Paper Or Plastic

I had a dream the other day that I was back in the old Owens grocery story on Market St in my hometown. This was the store my family shopped at for all of our groceries growing up. From the time when I could fit underneath the cart where you typically put bags of softener salt and cases of Miller Lite, to when I’d hang in the small magazine nook catching up on all the garbage spandex rockers in Metal Edge and Circus that I listened to as a teen, Owens was the place we foraged for sustenance.

I find it strange that in dreams all these memories come rolling back, and in such stark detail. I can’t tell you a damn thing I learned in Algebra, Geometry, or Ancient World History, but I still have the layout of my childhood home, long lost five and dimes we’d haunt, and toy commercials all stored safe and sound up in my middle-aged brain. Obscure Saturday morning cartoons, the first time I heard “Dear Prudence”, and hanging out at my uncle’s house at 5-years old? Got it. The Red Badge Of Courage my junior year, geometrical postulates and theorums, and anything positive I learned in summer Bible School that I attended maybe three summers? Nope. Nothing.

Not my mom and I.

That dream about Owens grocery store got me thinking about grocery stores in general. You’d think that big conglomorate box stores rolling into town would add a certain amount of variety to the shopping experience. And while meandering for a can of diced tomatoes and a bag of tortilla chips in Meijer can be a bit of a decent time waster(“while I’m here I might as well buy a pack of Hanes boxer/briefs, some slip-on Skechers, and the third season of Community“), I feel we lack in the variety dept. Besides Meijer, there’s Walmart, a Kroger, and an Aldi. Growing up in the 80s our town had two Owens locations(the original on Market St, as well as the “new” Owens on Center St), we had a small Kroger on Center St, a Marsh on Market St, and a Woodies Market on Lake St. There was a Jones’ Food Center in nearby Leesburg where we’d get most of our meat after Yoder’s Butcher Shop closed in town.

So sure, you trade 6 stores for four and you can get everything under one roof. You trade small town variety for global access all under one roof. Yeah, that’s great I guess. But every one of those big box corporate behemoths all pretty much feel exactly the same as the other. The experience is always overwhelming, sensory overload, and most of the employees all seem pretty much the same with the exception of different colored shirts. That’s not a knock on folks working there, it’s just how those corporations want it to be. The ceilings are high like warehouses and the square footage is that of a football field. You feel like a mouse in a maze.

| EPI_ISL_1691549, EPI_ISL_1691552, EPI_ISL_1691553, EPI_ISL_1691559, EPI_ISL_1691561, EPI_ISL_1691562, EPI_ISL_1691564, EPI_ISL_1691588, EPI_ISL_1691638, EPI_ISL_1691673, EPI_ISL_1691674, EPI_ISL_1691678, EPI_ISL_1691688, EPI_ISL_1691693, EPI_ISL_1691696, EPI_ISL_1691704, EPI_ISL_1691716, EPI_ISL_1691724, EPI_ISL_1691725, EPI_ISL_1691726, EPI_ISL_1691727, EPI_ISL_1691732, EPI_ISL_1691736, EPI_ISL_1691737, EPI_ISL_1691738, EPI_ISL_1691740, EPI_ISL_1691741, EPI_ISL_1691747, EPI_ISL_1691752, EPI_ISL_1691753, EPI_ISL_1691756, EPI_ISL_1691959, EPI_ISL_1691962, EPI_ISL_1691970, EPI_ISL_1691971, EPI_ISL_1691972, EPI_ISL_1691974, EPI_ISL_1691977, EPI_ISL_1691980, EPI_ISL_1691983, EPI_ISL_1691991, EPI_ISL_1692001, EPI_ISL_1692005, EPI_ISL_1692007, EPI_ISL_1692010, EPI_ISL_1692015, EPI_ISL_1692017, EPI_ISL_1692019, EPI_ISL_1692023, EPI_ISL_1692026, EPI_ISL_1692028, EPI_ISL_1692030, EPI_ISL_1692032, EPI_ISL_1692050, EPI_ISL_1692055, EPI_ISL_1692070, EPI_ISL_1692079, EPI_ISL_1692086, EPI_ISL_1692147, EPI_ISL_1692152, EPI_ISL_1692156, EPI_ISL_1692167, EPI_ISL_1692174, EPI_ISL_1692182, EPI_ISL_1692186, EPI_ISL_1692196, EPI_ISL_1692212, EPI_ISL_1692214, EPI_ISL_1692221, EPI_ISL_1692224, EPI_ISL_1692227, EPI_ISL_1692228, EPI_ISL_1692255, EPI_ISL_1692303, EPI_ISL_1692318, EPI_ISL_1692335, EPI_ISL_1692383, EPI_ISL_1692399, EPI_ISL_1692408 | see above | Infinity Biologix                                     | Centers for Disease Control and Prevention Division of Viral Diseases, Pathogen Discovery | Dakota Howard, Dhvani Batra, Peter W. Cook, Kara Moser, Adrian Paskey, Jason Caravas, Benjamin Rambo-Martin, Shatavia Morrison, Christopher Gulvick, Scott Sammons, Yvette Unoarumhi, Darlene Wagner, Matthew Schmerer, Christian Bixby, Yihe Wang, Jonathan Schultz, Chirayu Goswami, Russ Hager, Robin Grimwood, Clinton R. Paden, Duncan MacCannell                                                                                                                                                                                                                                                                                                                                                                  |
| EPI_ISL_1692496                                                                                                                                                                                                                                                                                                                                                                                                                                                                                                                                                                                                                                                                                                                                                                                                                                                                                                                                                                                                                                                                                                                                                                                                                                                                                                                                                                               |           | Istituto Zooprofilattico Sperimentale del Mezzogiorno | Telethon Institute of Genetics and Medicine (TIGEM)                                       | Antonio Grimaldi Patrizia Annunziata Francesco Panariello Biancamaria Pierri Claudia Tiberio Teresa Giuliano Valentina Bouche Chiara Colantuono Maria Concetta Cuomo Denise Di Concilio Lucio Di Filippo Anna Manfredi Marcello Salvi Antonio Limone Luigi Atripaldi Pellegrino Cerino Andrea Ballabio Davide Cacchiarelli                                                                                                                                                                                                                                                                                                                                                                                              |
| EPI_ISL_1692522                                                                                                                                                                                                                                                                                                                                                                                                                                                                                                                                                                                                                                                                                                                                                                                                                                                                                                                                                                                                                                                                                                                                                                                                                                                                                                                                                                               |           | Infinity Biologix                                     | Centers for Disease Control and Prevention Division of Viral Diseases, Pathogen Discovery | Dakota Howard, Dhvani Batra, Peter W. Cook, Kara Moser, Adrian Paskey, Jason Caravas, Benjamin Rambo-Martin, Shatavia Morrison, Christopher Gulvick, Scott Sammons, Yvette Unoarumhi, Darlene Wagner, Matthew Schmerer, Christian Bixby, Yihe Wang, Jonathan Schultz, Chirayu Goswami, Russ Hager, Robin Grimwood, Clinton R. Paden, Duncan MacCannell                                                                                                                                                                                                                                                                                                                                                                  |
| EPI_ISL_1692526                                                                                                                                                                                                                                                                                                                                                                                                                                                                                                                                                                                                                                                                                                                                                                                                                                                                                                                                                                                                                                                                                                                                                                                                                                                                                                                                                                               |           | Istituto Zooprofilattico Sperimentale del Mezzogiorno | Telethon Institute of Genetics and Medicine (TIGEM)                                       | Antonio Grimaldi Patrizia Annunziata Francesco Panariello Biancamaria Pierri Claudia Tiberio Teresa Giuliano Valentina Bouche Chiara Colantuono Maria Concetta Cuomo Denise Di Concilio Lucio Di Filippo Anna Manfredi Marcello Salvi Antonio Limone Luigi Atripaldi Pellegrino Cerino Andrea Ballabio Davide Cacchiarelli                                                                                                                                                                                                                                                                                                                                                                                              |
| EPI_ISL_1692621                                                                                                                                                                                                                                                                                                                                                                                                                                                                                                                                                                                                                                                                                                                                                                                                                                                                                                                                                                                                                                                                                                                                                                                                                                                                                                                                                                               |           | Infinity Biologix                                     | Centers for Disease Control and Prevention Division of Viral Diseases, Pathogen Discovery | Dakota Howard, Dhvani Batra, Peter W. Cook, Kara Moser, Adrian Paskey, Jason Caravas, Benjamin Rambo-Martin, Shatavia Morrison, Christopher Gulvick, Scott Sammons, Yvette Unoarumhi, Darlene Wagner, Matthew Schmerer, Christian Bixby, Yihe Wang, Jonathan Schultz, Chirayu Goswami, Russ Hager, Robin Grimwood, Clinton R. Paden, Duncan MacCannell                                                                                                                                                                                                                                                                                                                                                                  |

With the small town groceries you had personality, and you picked the one you vibed with the most. My family vibed with Owens, but all of those small groceries had something to offer. You got to know the carryout people, the ladies at the cash registers(with the exception of Gerald at Owens, most of the cash registers were ran by women) and the folks behind the deli counter. The teens that bagged your groceries didn’t have uniforms, but wore nice button up shirts and a name tag. Maybe a smock if they were high on the bag boy food chain. The bakeries actually had bakers working in them. Things weren’t frozen and then thawed. You order a birthday cake it was made to order. Same with loaves of bread and cookies. Owens had an older fella(his name eludes me) that came in at 3am every day and started making breads, rolls, cookies, and cakes.

While we were exclusively an Owens household, we did occasionally stop in at Marsh on Market St when Owens was out of our favorite ice cream, Burger Dairy’s Peanut Butter Cup Chocolate Ice Cream. It was this decadent chocolate ice cream with chunks of peanut butter in it. It was an acquired taste, but our family loved it(Speaking of Burger Dairy, another blast from the past.) We’d also stop in at Woodies Markert on Lake St if we were out on the west side of town and needed one or two items. We didn’t go there often, but in emergency situations. Kroger I don’t ever remember going to. Not sure why.